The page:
Heb Own Brands Analysis Essay
Heb Own Brands Analysis
Rob Price was recently made vice president of Own Brands, which was the private label of H-E-B. The chairman, Charles Butt, had a real interest in growing the sales of the Own Brand product line. At the time, Own Brand represented 19% of sales while national brands accounted for the rest, which was opposite of 30 years ago when Charles took responsibility for the business. Charles gave Rob a goal to increase the sales of Own Brand’s private label by 11% in the next five years to bring it up to a 30-70 ratio of private and national brands, respectively. The increase needed to be across all product lines, but Rob had a specific assignment regarding the Own Brand’s bottled water under the label Glacia. The problem with the existing Glacia water was that it did not accurately market itself as imported spring water from Canada, which would increase its market share from the French imported water, Evian. There were many things for Rob to consider as his research showed that consumers would be more likely to buy Glacia if they knew it was Canadian spring water.
With the competitive grocery market at the time, especially with Wal-Mart’s emerging into the grocery scene, Rob needed to make a specific recommendation on how to increase its sales in context of the overall Own Brand strategy. Initially, the problem was an undetected flaw in the marketing and labeling of the product. If consumers do not have something repeatedly pushed in their face, they will not likely remember it when asked. Other problems were caused by Wal-Mart and their huge ability to undercut pricing of most other chains because of their national, even international supply-chain relationships. Wal-Mart had its own brand in Great Value products but, according to the case, was not as high quality as the H-E-B Own Brand products. Great Value compared to the Hill Country Fare tier-3 generic that H-E-B put out. Rob knew that his competition was with Wal-Mart but he wasn’t sure yet how to properly compete. He wanted to keep their pricing model of Every-day Low Prices but the pricing against Wal-Mart was difficult to match because of other national brand’s pricing positions.
I think the options that Rob had to decide between were whether to place Glacia in competition with Evian as comparable imported spring water or keep it positioned against Ozarka, which is where it was, and add the Canadian value to help boost sales through points-of-difference? One of the reasons why they should consider a direct market-comparison with Evian is because there isn’t a competitor right now. Evian has far out priced itself among its competitors and Glacia scored equally as high in a double-blinded taste test showing that it didn’t actually need to change the product, just the positioning. Own Brand could significantly increase the pricing to be more related to the pricing of Evian. This would remove Glacia off the shelf next to Ozarka and next to Evian. This could possibly allow Own Brands to create a Hill Country Fare product to compete with Ozarka. However, Evian was a good premium national brand brought in money for procurement revenue. If the new Glacia began beating out Evian in sales and profit, Evian could pull its product from the H-E-B stores and then they would lose the procurement revenue derived from a national brand.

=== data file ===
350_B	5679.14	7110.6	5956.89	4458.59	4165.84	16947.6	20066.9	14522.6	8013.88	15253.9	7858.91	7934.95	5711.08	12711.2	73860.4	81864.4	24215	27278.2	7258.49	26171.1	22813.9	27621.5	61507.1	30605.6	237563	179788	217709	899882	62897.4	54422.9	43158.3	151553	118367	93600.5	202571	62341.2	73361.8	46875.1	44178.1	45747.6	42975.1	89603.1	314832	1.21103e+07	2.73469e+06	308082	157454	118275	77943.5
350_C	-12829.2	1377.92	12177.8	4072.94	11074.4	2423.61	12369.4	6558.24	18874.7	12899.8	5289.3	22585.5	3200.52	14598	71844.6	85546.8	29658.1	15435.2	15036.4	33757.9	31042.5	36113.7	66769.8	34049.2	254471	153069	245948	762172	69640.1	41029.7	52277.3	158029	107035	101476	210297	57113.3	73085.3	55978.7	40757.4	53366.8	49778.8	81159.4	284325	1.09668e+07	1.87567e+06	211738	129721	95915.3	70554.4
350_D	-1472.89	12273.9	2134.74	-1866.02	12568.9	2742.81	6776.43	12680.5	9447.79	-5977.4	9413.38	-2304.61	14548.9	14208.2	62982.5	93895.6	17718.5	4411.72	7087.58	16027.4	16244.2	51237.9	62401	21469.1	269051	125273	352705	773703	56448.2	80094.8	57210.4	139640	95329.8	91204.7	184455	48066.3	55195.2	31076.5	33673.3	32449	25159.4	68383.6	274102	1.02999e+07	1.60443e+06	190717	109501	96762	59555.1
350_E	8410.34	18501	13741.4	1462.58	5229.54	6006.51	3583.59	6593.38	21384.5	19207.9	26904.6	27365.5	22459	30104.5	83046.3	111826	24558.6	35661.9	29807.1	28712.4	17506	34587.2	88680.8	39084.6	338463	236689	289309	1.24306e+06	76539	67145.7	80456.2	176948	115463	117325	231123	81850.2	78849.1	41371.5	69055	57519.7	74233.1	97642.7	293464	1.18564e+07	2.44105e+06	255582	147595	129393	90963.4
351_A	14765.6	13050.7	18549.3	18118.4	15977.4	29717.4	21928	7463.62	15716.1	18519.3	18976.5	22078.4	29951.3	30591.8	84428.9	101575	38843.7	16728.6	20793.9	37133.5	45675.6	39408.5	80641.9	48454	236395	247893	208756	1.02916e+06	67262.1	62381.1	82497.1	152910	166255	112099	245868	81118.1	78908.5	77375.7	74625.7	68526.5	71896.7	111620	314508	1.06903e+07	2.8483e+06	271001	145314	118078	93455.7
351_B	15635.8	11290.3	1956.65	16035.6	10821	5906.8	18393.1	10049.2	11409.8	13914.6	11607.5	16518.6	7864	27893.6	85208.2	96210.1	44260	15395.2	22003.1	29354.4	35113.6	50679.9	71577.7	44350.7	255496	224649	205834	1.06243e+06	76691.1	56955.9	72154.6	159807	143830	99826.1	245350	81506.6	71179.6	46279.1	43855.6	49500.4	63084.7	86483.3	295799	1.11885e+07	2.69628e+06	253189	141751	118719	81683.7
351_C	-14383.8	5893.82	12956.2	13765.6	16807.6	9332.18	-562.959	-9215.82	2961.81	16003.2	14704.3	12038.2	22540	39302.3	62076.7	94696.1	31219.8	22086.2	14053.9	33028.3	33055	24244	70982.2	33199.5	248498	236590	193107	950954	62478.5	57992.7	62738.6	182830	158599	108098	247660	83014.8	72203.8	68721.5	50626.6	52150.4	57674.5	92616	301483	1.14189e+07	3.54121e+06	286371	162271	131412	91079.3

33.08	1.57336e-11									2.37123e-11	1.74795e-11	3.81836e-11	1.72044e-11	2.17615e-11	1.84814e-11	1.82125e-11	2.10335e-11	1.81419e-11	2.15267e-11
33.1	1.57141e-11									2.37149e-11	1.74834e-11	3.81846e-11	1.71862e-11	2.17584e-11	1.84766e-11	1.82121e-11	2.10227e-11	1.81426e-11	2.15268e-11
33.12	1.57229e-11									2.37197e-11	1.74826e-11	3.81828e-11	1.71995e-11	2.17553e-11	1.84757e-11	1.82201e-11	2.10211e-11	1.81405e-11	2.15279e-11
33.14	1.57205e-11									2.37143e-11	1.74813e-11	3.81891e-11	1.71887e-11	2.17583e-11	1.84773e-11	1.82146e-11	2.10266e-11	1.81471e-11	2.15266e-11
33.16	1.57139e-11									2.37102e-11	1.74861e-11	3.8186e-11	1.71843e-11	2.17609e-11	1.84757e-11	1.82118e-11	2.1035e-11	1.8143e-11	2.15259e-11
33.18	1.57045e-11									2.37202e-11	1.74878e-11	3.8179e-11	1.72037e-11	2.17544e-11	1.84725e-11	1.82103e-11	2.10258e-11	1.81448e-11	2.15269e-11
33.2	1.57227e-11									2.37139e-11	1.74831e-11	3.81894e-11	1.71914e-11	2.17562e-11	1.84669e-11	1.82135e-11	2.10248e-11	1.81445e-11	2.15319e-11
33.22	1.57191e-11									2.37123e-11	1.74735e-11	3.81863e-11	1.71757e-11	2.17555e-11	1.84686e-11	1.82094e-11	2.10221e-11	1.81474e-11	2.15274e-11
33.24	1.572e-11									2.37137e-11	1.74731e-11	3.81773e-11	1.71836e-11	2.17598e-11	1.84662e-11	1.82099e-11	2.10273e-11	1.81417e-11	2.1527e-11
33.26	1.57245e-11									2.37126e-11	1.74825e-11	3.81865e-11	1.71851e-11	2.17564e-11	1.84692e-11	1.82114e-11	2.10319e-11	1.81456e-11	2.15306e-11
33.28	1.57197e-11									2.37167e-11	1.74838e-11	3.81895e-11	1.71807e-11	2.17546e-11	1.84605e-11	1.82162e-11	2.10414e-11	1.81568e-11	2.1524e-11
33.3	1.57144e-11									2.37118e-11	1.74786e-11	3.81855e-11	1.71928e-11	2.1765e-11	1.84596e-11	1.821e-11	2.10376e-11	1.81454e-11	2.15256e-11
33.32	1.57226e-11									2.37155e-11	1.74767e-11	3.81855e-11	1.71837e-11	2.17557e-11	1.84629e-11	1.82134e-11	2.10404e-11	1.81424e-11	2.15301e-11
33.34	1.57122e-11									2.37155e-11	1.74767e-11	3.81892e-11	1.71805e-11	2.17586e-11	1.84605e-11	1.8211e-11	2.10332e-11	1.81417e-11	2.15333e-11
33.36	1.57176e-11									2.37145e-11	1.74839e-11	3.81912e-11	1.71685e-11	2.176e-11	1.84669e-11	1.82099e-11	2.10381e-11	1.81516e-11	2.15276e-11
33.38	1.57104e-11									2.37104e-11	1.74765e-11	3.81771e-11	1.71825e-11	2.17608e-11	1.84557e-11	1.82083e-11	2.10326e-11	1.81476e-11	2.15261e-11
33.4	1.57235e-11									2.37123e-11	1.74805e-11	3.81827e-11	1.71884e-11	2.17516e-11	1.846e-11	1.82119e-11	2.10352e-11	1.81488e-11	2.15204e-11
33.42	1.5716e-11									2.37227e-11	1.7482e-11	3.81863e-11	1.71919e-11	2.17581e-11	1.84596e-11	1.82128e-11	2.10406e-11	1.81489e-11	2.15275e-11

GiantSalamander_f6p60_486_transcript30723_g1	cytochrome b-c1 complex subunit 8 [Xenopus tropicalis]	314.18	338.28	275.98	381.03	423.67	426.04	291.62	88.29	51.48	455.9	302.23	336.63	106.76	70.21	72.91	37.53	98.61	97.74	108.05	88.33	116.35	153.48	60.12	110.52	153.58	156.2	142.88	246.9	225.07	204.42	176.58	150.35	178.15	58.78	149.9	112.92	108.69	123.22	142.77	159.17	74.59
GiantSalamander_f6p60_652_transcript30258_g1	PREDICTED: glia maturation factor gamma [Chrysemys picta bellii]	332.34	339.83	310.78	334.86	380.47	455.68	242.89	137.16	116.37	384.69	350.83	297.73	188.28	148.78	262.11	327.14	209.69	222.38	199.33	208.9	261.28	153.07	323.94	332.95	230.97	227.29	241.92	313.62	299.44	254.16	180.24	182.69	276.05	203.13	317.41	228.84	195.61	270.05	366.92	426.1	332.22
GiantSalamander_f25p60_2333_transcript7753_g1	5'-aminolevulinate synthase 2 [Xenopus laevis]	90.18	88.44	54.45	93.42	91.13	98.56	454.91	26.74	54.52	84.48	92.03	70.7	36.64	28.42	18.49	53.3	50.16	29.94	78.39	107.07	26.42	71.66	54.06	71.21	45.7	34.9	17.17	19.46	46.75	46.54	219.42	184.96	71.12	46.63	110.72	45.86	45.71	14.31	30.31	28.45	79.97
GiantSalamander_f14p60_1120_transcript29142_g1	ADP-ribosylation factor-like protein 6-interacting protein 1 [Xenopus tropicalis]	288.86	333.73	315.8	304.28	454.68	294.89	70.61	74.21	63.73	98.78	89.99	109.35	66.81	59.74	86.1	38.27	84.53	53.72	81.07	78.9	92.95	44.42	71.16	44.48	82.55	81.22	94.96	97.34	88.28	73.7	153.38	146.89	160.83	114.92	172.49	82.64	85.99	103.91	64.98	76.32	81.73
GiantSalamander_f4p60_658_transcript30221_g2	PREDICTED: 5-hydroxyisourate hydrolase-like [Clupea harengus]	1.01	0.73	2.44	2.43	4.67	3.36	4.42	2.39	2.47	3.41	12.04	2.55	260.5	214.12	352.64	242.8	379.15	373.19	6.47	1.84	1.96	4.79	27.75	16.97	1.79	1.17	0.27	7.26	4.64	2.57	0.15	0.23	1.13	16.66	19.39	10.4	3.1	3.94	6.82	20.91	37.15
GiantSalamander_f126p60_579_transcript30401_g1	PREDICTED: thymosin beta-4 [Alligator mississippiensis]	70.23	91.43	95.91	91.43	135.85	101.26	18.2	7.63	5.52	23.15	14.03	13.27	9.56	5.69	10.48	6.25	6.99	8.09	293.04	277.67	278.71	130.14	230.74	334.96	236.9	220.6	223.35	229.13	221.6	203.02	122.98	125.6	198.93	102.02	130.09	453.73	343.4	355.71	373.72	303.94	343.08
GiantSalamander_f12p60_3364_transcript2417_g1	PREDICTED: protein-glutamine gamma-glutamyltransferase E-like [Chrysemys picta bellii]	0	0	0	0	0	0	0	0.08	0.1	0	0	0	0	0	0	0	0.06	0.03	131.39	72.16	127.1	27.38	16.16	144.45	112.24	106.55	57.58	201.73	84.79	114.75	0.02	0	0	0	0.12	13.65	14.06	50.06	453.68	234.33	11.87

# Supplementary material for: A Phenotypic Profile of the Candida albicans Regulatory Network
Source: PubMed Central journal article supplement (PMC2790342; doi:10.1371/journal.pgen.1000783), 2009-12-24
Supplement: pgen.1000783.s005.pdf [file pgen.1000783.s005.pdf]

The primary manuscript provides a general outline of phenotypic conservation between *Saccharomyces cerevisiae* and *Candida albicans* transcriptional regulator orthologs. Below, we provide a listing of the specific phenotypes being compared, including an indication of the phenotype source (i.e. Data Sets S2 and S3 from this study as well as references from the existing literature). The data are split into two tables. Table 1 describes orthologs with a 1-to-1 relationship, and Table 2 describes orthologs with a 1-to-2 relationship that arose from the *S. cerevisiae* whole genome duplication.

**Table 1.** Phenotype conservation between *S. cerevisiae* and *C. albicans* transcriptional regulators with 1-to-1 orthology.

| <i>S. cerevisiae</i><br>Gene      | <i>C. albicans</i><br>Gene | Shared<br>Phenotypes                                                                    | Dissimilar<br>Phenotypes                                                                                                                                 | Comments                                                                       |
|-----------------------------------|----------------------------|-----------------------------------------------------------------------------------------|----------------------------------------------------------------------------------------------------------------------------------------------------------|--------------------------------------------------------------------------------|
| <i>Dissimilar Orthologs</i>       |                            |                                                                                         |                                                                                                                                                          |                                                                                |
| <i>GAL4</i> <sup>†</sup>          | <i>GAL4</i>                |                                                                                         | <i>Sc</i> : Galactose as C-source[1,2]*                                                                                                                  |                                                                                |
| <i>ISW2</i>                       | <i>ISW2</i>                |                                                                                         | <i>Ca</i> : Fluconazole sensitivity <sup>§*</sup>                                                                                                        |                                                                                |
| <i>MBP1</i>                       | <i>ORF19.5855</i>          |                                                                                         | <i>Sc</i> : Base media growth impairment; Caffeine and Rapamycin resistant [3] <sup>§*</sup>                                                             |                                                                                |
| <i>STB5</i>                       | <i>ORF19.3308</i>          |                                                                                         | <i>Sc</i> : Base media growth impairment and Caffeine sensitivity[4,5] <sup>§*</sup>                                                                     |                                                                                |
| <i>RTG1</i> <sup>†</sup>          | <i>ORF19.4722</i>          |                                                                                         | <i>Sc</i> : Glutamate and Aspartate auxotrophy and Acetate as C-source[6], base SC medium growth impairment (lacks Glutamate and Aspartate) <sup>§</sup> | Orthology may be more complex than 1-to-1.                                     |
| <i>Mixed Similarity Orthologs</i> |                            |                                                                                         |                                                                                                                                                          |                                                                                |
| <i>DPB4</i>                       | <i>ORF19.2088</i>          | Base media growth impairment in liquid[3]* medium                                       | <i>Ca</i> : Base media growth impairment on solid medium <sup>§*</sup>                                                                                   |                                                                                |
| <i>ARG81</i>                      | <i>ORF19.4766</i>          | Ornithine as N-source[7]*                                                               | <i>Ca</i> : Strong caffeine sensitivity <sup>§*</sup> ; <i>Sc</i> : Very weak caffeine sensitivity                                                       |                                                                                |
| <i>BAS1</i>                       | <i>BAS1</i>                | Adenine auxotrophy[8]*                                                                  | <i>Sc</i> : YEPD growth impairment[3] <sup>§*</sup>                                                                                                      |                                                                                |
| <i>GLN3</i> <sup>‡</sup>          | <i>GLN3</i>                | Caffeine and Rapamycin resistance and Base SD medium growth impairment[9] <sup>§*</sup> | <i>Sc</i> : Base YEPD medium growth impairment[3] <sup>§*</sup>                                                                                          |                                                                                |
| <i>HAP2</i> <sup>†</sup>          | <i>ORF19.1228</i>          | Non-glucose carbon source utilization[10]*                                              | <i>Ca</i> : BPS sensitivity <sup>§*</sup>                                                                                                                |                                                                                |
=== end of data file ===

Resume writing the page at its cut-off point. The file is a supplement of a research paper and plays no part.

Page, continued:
National brands also help bring in consumers who end up buying other Own Brand products in the store. This was a decision bases for the entire Own Brand product line. The options of pricing, promotions, positioning, and the overall corporate strategy were all involved in this first decision regarding Glacia. According to Butt’s target goal to Rob shortly after he became VP, only 30% of a store’s products should be their own, with a 70% mix of national brands. If Rob decided to simply elevate the existing position of the Glacia against Ozarka to increase their market share, they could grow sales and not have to compete with the national brands. I think this would be effective considering the low cost of refining their label and less hassle in re-configuring pricing and moving the product closer to Evian.
A third possibility was to reposition Glacia as domestic spring water, which is what Ozarka was. I don’t see the logic behind this because they were already a direct competitor with Ozarka and their only point-of-difference was the source of their water. Why would they go through all the effort and cost of relabeling, promoting, and re-launching to get more of the same? If I were in Rob’s position, I would re-launch Glacia to be a somewhat generic competitor to Evian and create a Hill Country Fare product with purified water to be placed just below Ozarka. Evian needs some competition and according to their profit data in Table B, Glacia could increase their price and profit significantly without changing the product, only the labeling.
Also, Evian users indicated preference for the Canadian water over France. I f Evian users began to prefer Glacia water instead, and that’s what H-E-B stores carried, what would be the downside if Evian eventually pulled their product out of H-E-B stores? It wouldn’t be in demand anymore, so the loss would be some procurement revenue, but the profits off the increased price of Glacia would seem to overcompensate for that.